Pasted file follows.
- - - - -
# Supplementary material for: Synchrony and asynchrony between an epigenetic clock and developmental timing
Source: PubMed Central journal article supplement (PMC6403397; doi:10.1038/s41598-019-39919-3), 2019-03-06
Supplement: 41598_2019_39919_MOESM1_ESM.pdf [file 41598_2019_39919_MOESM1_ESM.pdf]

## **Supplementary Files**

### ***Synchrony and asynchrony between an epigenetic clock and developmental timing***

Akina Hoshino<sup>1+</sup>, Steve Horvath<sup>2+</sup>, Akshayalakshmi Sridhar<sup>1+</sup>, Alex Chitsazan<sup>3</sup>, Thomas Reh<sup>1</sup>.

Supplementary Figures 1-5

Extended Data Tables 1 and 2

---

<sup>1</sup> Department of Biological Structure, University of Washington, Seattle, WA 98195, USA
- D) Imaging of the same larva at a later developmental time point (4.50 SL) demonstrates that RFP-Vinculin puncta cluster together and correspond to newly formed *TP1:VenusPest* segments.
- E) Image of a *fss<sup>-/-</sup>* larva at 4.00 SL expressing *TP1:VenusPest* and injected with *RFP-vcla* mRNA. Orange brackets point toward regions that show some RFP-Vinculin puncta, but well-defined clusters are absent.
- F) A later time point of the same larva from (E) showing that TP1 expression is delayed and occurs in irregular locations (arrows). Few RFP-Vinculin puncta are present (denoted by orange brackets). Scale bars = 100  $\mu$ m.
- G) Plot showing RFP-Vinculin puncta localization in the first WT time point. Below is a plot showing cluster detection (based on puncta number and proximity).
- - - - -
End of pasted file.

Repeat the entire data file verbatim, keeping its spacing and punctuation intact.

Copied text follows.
# Supplementary material for: Synchrony and asynchrony between an epigenetic clock and developmental timing
Source: PubMed Central journal article supplement (PMC6403397; doi:10.1038/s41598-019-39919-3), 2019-03-06
Supplement: 41598_2019_39919_MOESM1_ESM.pdf [file 41598_2019_39919_MOESM1_ESM.pdf]

## **Supplementary Files**

### ***Synchrony and asynchrony between an epigenetic clock and developmental timing***

Akina Hoshino<sup>1+</sup>, Steve Horvath<sup>2+</sup>, Akshayalakshmi Sridhar<sup>1+</sup>, Alex Chitsazan<sup>3</sup>, Thomas Reh<sup>1</sup>.

Supplementary Figures 1-5

Extended Data Tables 1 and 2

---

<sup>1</sup> Department of Biological Structure, University of Washington, Seattle, WA 98195, USA
- D) Imaging of the same larva at a later developmental time point (4.50 SL) demonstrates that RFP-Vinculin puncta cluster together and correspond to newly formed *TP1:VenusPest* segments.
- E) Image of a *fss<sup>-/-</sup>* larva at 4.00 SL expressing *TP1:VenusPest* and injected with *RFP-vcla* mRNA. Orange brackets point toward regions that show some RFP-Vinculin puncta, but well-defined clusters are absent.
- F) A later time point of the same larva from (E) showing that TP1 expression is delayed and occurs in irregular locations (arrows). Few RFP-Vinculin puncta are present (denoted by orange brackets). Scale bars = 100  $\mu$ m.
- G) Plot showing RFP-Vinculin puncta localization in the first WT time point. Below is a plot showing cluster detection (based on puncta number and proximity).